What do you know about cupping, besides that it tends to leave red purple circle marks on peoples back?
There are basically 2 types of cupping. The traditional Chinese medicine (T.C.M) version and the more modern Myofascial Cupping technique.
Traditional cupping is an ancient traditional Chinese medicine practice that involves applying cups to the skin, whereby pressure is reduced using heat or suctioning out air to create a vacuum of skin and superficial muscle/fascia is held in the cup.
It’s not a new practice and has been around for centuries, apparently dating back to 281 A.D! However cupping has been popularised recently when Olympian swimmer Michael Phelps sported this around the pool, making it suddenly a bit cool for athletes to have these purple red rings on their back. I sometimes get requested for cupping for the purpose of getting these marks purposely to show off to their athlete mates they had it done. Please note that getting cupping will not make you an Olympic athlete.
One thing that is unique to cupping is that it pulls the muscle and fascia away from the body, releasing pressure. As compared with massage techniques that involve compression of the tissues. Both of these are effective and when used together can mean that we are able to approach the soft tissues in different ways meaning you can get more benefit than just massage or cupping.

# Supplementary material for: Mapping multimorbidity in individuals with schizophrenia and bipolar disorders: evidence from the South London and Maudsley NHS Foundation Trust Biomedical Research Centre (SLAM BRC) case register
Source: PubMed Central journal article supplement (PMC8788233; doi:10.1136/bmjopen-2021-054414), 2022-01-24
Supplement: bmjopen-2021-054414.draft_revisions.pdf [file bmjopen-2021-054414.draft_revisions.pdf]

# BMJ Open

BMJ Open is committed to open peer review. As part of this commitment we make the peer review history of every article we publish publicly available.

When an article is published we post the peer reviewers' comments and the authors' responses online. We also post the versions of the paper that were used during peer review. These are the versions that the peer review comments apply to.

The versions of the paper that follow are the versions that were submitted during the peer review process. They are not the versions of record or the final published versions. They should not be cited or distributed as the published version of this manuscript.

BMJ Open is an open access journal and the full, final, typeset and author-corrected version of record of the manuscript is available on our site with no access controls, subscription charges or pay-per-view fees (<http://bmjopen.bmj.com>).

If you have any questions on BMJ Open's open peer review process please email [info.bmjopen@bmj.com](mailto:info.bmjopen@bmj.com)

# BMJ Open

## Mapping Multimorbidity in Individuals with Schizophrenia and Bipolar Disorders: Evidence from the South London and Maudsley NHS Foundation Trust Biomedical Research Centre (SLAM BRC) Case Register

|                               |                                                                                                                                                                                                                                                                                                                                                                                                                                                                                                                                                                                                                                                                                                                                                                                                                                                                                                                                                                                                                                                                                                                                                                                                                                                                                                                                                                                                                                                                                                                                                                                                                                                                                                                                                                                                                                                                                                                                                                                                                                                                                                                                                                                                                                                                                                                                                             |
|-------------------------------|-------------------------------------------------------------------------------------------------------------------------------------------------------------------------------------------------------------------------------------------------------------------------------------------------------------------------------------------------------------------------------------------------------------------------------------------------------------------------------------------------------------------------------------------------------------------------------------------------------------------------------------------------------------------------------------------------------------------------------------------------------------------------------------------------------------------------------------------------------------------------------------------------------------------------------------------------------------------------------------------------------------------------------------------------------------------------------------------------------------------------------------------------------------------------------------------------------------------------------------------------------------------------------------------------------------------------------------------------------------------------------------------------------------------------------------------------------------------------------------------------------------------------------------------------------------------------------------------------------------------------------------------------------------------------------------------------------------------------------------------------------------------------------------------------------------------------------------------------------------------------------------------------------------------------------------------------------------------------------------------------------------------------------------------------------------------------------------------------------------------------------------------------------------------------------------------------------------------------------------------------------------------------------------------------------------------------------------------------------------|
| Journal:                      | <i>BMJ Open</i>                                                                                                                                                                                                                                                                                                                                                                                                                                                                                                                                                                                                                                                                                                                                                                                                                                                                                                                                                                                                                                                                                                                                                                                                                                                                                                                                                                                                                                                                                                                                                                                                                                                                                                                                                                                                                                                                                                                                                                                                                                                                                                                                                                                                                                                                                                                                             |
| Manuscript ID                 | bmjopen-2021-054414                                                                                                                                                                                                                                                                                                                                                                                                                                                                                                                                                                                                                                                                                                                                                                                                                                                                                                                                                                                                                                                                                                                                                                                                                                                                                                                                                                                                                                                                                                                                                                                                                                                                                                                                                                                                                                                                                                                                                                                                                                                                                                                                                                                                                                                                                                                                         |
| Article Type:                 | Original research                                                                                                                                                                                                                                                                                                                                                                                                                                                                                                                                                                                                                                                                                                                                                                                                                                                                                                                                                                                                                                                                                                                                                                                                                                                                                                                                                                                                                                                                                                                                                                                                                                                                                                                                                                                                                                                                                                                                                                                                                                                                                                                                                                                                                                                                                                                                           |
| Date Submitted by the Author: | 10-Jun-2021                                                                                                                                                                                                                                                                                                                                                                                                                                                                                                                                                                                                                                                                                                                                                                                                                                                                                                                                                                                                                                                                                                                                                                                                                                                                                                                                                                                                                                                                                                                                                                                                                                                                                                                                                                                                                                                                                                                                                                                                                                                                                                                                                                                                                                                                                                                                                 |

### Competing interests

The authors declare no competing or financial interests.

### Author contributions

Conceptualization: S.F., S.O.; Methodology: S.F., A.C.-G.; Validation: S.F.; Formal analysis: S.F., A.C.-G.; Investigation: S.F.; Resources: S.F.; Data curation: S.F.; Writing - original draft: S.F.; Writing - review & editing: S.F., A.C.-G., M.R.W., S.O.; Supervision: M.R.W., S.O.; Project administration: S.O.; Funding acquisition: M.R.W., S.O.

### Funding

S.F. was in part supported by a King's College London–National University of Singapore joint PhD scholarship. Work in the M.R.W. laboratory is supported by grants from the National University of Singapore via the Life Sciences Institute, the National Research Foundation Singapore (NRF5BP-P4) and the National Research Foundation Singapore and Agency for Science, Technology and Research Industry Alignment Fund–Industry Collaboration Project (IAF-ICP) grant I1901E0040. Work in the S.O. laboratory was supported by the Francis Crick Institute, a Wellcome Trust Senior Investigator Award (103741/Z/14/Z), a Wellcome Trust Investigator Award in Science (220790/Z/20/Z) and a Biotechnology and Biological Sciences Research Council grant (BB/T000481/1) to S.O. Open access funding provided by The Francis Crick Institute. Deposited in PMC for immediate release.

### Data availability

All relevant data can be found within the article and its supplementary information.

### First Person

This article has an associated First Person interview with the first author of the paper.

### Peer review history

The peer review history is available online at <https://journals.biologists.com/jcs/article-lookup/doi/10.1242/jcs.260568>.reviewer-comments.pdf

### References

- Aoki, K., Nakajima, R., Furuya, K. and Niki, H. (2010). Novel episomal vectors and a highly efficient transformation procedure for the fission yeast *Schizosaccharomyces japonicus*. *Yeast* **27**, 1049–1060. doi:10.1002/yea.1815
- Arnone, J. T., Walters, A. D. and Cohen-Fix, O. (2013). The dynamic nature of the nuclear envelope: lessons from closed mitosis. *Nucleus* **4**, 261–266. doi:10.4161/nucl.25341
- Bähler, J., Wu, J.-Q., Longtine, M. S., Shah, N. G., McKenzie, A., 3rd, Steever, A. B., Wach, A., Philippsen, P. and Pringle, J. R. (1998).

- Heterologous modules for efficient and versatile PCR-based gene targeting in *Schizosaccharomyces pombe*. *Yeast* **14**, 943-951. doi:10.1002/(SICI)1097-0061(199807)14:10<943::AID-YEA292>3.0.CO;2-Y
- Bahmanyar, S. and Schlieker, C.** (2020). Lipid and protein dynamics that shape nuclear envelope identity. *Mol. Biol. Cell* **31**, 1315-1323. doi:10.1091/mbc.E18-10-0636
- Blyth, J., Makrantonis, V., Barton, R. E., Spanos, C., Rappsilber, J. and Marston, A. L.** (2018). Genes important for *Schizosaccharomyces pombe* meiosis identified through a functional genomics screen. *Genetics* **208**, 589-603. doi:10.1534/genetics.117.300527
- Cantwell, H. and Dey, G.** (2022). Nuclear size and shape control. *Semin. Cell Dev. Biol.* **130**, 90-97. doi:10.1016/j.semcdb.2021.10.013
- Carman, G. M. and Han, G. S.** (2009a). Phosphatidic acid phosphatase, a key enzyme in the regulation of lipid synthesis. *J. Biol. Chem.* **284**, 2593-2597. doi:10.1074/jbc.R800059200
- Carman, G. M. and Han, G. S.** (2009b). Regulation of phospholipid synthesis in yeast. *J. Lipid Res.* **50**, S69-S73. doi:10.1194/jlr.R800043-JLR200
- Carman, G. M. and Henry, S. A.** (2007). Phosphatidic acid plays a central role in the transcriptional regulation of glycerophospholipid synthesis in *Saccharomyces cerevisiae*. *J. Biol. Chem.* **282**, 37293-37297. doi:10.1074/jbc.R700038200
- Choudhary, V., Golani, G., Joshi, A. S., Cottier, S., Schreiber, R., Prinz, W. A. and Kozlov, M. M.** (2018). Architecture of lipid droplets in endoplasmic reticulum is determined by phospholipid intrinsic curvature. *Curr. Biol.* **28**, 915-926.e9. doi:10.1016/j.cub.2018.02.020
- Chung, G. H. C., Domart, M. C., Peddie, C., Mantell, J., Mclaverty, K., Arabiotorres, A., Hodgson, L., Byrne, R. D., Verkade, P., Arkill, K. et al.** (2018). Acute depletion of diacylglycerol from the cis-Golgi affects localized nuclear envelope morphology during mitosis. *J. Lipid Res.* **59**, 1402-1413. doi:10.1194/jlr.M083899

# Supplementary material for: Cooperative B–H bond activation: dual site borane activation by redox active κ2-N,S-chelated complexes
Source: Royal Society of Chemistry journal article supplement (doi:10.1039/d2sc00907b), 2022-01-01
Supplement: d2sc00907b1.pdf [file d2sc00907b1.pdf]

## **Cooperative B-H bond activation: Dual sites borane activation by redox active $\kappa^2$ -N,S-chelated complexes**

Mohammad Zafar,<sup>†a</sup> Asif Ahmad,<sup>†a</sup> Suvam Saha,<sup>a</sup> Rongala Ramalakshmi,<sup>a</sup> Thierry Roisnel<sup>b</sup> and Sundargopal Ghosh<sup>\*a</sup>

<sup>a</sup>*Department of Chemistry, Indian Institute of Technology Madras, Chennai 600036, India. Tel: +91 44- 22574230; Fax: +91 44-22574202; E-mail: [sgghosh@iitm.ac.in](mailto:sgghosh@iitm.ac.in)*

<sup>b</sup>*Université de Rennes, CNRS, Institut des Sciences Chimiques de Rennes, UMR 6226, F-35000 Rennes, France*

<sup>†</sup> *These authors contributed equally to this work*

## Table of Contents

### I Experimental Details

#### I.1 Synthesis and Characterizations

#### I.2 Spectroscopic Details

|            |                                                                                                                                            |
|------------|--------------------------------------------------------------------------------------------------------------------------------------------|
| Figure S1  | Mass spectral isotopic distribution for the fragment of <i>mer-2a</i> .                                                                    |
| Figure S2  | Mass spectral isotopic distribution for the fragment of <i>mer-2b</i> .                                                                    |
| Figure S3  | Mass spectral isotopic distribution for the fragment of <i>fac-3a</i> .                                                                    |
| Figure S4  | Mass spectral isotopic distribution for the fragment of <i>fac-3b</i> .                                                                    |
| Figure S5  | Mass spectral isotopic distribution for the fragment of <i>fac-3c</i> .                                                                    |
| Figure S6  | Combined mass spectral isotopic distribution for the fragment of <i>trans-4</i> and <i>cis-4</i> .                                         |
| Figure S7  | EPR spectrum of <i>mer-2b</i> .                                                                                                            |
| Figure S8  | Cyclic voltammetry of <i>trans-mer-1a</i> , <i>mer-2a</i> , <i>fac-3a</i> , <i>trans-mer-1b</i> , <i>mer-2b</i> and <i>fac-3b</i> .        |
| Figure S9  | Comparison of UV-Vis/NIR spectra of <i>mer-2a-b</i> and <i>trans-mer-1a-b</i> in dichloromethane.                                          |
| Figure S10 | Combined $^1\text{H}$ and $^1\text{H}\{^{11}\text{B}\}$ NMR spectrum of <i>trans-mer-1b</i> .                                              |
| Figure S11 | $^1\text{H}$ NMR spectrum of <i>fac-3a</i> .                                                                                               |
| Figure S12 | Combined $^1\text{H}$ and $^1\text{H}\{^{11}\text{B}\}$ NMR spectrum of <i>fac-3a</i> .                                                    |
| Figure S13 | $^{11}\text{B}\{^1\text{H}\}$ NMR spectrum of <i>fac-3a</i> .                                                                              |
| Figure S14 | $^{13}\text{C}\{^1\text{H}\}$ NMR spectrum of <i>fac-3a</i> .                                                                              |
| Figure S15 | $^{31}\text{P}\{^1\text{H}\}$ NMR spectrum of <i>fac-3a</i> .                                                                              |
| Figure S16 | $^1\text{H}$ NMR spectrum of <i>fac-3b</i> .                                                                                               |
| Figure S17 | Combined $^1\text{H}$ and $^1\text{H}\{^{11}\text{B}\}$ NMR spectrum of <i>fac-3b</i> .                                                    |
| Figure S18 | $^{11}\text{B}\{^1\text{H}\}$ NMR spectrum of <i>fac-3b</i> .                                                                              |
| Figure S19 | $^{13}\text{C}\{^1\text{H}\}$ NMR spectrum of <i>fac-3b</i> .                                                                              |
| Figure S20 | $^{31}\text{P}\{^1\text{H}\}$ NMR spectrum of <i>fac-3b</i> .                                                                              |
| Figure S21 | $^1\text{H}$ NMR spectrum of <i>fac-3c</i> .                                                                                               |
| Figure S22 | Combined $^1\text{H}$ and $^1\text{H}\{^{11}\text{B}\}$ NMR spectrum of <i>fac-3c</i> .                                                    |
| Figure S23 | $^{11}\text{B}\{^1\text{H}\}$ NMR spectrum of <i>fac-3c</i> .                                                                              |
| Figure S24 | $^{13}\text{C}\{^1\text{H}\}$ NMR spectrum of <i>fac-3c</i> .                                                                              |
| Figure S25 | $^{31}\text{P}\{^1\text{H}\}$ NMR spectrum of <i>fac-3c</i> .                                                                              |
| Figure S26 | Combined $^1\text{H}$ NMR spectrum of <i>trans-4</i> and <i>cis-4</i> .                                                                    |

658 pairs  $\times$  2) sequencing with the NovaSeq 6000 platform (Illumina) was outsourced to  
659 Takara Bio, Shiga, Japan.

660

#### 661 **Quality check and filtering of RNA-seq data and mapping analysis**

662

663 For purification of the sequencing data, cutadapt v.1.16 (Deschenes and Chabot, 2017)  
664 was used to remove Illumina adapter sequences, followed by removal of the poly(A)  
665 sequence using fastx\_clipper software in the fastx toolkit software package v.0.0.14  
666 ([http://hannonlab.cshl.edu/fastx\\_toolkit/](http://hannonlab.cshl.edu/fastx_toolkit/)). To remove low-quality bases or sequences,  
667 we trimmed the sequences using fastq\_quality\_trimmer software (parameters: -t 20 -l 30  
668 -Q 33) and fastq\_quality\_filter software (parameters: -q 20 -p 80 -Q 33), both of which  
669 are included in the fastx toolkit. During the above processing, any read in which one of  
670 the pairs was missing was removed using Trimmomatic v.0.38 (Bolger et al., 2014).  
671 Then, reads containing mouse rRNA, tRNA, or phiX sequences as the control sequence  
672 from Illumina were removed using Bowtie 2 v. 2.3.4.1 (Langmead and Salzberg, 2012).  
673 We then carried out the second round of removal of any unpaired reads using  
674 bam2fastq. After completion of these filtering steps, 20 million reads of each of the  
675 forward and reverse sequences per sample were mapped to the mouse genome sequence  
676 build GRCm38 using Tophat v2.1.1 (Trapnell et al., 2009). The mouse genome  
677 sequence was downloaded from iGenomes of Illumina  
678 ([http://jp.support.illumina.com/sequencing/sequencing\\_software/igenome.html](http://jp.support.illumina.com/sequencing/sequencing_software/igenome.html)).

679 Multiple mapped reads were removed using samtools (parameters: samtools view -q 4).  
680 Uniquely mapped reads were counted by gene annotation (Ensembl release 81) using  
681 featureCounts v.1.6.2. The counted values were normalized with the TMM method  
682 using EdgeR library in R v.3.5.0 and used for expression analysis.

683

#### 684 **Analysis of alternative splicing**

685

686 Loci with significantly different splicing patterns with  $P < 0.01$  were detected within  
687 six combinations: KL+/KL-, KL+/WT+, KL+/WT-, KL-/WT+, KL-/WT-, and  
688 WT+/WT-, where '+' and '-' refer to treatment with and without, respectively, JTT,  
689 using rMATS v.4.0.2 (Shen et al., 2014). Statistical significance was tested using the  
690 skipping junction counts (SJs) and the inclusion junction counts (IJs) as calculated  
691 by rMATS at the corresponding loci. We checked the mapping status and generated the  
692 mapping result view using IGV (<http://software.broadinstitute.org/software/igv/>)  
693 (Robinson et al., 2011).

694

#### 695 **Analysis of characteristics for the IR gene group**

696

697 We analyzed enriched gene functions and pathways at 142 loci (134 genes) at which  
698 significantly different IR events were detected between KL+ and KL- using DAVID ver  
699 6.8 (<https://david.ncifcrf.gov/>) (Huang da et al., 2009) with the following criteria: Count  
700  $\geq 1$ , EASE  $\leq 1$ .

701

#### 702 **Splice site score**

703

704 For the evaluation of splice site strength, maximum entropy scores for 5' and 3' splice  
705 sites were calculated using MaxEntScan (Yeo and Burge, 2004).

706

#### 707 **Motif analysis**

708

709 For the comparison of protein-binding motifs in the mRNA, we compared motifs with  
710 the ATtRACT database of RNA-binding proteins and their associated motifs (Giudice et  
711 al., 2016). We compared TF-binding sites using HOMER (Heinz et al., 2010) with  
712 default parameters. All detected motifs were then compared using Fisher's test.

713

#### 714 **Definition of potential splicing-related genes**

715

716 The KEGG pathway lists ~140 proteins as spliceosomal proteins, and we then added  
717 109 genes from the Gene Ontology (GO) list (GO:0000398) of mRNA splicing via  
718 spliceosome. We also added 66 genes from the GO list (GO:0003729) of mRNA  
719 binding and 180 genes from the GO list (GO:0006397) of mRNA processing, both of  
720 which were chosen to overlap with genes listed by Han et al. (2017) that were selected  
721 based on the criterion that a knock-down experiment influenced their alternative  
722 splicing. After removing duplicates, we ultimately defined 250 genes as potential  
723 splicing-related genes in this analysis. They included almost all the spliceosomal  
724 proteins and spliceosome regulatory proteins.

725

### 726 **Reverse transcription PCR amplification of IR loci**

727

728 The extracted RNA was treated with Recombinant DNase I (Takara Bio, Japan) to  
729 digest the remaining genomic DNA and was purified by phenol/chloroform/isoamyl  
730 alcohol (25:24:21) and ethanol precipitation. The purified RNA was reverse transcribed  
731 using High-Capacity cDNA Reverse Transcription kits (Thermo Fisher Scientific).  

Differences between traditional Chinese Cupping and Myofascial cupping technique™
Myofascial cupping involves gliding over the body with massage balm/cream and can incorporate joint movements, which is what we use at Muscle Therapy Australia.
Traditional Chinese Medicine Cupping:
- Cups are left on for a while
- Applied to acupuncture points (can overlap with trigger points used in western treatment techniques)
- Tends to leave red marks and bruising
- Can be painful where cups are left on for a long time
- Using flame with cups to produce vacuum on skin with heat
- Focuses on acupuncture points and flow of energy (chi) in the channels
Myofascial Cupping Technique™
- Cups generally glide over the body using balm and are left on for no longer than a minute or so
- Applied to trigger points as well as areas affected by pain
- Not intended to leave marks or bruising, but can incidentally but it is not the aim
- Performed at a pressure level that is almost painless due to massage balm glide
- Use of hand pump to create vacuum without use of heat
- Incorporates trigger point therapy, myofascial release techniques, manual lymphatic drainage and digestive techniques
There are variations of cupping within traditional Chinese medicine that include ‘wet’ and ‘dry’ and even the inclusion of acupuncture needles underneath the cups called ‘needle cupping’. ‘Wet’ cupping involves small incisions into skin and cupping to draw blood up, where traditional practitioners believe this removes harmful substances and toxins from the body to promote healing, however it is unproven.
At Muscle Therapy Australia we don’t use this technique, so no cutting you open.
How are cups applied?